Thank you! Our older boy knew he wanted engineering. He attend a prestigious engineering academy the last two years of high school. Curriculum equivalent of an Associate's Degree. Accepted to many Name Brand University Engineering programs. He changed his engineering focus from electrical to chemical: polymers. Attending the best school in US for his major, which is not a well known brand. He loves what he does and is happiest in a research lab. Co- Ops are required.

Younger son is on his way to National Park Ranger/ Wild Life Conservation. He is entering a nationally regarded forestry program for the last two years of high school. Currently, he is working full time at a residential summer camp with emphasis on outdoor skills; he's teaching forestry, environmental science, and, and wild life studies. Backpacking Appalachian Trail, on his one week of vacation. Last year's adventure was Algonquin Provincial Park, his Happy Place. Looking at colleges with strong Outdoor and Natural Resources Management.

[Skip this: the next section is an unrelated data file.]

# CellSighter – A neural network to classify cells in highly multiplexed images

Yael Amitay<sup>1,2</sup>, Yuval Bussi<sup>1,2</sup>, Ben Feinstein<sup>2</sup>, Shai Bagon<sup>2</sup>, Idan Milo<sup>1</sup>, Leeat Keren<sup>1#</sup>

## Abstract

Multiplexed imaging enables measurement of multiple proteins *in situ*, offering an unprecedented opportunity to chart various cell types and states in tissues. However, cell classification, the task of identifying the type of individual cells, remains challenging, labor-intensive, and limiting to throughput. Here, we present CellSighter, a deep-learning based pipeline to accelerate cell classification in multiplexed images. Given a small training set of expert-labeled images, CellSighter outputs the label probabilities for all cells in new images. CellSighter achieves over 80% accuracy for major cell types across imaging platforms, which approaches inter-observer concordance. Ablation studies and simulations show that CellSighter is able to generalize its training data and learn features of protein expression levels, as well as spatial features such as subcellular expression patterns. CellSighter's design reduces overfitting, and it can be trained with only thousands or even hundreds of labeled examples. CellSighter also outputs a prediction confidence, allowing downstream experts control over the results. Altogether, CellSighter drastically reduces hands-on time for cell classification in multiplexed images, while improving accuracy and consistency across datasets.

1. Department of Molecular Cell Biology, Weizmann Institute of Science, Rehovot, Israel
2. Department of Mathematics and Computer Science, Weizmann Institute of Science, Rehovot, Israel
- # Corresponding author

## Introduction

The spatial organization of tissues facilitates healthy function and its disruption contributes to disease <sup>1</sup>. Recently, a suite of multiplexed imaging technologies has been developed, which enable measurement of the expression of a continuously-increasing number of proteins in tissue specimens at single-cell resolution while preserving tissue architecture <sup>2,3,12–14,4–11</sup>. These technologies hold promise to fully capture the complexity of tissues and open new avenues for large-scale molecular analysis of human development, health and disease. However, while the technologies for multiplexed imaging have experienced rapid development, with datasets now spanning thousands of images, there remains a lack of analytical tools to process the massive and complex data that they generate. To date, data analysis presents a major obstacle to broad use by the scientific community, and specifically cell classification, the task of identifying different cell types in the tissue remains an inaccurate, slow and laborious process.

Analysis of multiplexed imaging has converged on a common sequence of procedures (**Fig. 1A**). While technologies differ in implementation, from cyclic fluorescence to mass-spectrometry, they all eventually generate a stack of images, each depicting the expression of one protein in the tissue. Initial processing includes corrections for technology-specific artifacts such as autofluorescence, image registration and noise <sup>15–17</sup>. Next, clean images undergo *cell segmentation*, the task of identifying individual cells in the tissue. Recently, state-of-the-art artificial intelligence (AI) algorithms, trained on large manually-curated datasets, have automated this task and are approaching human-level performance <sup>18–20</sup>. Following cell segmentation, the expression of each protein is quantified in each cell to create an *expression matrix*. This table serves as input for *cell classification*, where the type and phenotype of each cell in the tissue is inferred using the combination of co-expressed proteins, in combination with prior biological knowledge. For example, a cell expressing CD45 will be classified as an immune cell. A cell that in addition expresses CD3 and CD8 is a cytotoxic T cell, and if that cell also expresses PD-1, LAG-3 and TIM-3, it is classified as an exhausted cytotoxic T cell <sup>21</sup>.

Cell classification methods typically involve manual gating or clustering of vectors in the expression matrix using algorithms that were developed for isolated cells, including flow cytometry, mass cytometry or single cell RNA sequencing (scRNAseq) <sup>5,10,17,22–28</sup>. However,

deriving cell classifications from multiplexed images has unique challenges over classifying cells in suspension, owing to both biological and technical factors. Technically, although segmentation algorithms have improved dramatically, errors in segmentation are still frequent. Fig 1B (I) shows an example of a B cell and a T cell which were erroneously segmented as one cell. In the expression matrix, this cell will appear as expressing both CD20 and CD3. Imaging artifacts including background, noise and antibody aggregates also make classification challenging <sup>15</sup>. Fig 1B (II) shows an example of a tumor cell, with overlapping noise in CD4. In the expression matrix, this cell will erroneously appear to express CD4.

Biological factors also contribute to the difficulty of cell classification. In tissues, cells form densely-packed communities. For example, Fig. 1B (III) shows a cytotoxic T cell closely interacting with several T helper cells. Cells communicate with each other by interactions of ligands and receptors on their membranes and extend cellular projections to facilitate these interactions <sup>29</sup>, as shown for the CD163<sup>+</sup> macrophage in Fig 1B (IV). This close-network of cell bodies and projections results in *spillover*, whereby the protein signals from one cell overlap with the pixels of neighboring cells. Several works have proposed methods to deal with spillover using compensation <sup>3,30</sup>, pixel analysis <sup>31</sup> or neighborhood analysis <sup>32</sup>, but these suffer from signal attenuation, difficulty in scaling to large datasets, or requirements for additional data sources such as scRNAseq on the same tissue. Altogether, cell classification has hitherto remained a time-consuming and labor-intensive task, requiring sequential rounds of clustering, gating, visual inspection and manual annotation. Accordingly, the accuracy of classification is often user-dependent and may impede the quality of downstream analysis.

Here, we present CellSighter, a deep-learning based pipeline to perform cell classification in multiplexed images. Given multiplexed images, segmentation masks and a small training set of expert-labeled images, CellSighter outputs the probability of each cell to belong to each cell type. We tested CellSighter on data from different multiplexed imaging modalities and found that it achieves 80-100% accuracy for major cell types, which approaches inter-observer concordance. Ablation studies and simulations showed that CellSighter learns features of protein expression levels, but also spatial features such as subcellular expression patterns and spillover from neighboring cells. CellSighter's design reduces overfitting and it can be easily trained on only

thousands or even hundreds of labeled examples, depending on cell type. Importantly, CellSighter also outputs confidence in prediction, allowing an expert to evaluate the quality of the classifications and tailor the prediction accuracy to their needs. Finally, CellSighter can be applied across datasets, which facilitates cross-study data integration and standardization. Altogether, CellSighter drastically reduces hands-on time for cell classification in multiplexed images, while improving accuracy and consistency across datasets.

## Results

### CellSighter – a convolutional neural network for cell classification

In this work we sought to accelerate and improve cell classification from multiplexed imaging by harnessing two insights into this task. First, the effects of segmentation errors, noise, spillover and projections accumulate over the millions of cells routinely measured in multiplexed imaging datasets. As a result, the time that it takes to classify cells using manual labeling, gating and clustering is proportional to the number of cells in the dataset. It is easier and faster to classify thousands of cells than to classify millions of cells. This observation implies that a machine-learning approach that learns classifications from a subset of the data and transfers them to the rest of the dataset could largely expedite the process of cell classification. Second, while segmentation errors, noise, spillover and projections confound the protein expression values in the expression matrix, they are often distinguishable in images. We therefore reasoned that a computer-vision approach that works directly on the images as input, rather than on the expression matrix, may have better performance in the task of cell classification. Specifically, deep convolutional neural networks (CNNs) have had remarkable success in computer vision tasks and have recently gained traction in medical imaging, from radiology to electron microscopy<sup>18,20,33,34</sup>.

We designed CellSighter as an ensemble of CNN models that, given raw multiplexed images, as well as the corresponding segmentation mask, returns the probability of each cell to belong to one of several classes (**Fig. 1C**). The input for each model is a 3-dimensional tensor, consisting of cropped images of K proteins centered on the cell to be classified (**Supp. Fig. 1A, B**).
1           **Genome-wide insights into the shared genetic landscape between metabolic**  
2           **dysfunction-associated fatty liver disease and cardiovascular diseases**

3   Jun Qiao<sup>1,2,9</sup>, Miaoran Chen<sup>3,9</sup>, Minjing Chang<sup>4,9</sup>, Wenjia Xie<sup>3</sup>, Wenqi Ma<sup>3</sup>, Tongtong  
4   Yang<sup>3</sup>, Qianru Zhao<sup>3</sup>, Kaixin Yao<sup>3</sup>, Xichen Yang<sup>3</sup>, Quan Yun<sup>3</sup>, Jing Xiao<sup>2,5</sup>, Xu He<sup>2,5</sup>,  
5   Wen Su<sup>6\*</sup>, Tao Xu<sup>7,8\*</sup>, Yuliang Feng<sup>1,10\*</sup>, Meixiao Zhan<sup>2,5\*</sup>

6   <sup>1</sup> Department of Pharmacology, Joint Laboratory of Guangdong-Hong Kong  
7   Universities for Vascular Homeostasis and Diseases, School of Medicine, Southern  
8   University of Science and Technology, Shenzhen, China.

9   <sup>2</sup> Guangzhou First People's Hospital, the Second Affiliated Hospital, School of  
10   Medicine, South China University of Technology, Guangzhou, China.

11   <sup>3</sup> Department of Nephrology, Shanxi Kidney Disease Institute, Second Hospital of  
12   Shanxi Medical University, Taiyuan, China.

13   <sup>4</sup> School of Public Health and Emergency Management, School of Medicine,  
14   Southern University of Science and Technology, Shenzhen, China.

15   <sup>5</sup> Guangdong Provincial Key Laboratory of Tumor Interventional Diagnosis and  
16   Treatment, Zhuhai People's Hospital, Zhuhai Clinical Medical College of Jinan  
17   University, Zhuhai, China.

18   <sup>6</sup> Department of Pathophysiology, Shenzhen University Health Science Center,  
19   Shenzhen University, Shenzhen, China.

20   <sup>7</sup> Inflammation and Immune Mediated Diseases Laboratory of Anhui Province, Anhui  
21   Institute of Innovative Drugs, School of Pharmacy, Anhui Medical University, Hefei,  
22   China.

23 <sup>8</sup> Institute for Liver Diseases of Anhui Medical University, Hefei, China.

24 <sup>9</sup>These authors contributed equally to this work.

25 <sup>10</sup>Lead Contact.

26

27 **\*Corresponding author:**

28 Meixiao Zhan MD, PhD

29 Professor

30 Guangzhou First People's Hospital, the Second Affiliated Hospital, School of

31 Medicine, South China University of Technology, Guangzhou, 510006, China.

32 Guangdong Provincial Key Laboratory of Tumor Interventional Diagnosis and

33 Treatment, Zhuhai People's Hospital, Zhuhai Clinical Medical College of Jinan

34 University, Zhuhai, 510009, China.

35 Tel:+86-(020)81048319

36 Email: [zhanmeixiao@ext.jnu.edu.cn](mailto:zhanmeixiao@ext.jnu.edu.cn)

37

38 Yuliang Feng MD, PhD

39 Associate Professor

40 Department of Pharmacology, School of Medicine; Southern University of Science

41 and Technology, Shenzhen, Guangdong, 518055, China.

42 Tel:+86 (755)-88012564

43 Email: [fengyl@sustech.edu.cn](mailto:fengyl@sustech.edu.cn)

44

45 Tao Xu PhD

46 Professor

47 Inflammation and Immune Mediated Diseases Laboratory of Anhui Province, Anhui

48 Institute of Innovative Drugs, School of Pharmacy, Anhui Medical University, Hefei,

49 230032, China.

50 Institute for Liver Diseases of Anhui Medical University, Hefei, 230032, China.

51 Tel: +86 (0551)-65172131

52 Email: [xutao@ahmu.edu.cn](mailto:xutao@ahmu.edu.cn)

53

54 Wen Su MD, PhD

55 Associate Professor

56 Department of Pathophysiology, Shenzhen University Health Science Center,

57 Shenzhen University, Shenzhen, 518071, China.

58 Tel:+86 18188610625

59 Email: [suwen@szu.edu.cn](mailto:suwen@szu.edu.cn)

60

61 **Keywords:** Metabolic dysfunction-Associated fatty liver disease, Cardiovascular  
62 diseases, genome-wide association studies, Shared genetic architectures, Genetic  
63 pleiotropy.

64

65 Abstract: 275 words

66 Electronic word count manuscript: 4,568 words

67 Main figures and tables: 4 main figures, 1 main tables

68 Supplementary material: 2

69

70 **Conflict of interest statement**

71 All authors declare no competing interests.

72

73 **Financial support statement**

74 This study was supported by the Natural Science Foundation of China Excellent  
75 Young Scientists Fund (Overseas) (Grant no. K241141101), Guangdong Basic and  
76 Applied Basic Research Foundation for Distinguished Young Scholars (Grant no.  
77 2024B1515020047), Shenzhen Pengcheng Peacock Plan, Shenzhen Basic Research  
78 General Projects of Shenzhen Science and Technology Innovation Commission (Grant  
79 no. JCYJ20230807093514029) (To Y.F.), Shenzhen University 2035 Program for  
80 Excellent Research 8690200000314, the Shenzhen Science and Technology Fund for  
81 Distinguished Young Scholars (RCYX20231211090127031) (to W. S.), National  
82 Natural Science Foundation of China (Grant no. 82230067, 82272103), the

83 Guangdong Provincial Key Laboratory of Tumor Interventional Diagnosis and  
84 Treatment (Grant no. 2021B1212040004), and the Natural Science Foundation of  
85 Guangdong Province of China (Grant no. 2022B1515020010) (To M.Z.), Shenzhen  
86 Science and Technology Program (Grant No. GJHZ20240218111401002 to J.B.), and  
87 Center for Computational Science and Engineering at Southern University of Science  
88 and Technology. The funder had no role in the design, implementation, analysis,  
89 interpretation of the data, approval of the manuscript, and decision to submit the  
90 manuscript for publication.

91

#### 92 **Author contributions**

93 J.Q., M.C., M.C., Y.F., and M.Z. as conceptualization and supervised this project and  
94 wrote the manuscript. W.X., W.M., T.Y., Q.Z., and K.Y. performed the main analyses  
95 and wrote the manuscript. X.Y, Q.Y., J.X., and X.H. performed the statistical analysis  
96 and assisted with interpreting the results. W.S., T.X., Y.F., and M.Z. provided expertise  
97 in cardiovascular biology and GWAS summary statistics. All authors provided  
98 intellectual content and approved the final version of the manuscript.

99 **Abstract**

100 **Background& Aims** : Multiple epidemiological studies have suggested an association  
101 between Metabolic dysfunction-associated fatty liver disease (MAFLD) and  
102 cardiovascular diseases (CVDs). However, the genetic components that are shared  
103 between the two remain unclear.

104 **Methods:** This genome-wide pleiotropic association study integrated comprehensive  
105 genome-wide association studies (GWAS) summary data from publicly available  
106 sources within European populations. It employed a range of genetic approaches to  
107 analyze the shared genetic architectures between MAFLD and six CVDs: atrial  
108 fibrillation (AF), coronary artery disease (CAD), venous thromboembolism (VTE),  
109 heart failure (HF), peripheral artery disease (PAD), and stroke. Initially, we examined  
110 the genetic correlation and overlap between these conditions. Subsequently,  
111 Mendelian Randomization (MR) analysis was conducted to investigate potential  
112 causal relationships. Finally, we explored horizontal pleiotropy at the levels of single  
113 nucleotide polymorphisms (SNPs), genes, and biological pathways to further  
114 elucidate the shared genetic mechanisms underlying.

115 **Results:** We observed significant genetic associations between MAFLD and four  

Being evil, I forced both kids to work backward, researching job postings and requirements for positions. Each kid has endured ridicule from peers in traditional College Prep coursework. The College- Tech Prep programs ARE College Prep, but also require intensive hands- on lab/ real world experience, and are partnered with Universities and Industry Leaders as Corporate partners. Admission to the programs is extremely competitive and student's completion is based on performance.

There are programs available, but many fly under the radar. Much better for young adult to " try before you buy" in high school.


Dr. Fun (AKA Sister) said...

Fabulous advice - will discuss this with my son this week. I'm thinking you should write a book on this.....

Anonymous said...

It is nice to hear an educator saying the same thing my family has been saying for years. "What is job like, you know, the one waiting at the end of all this?".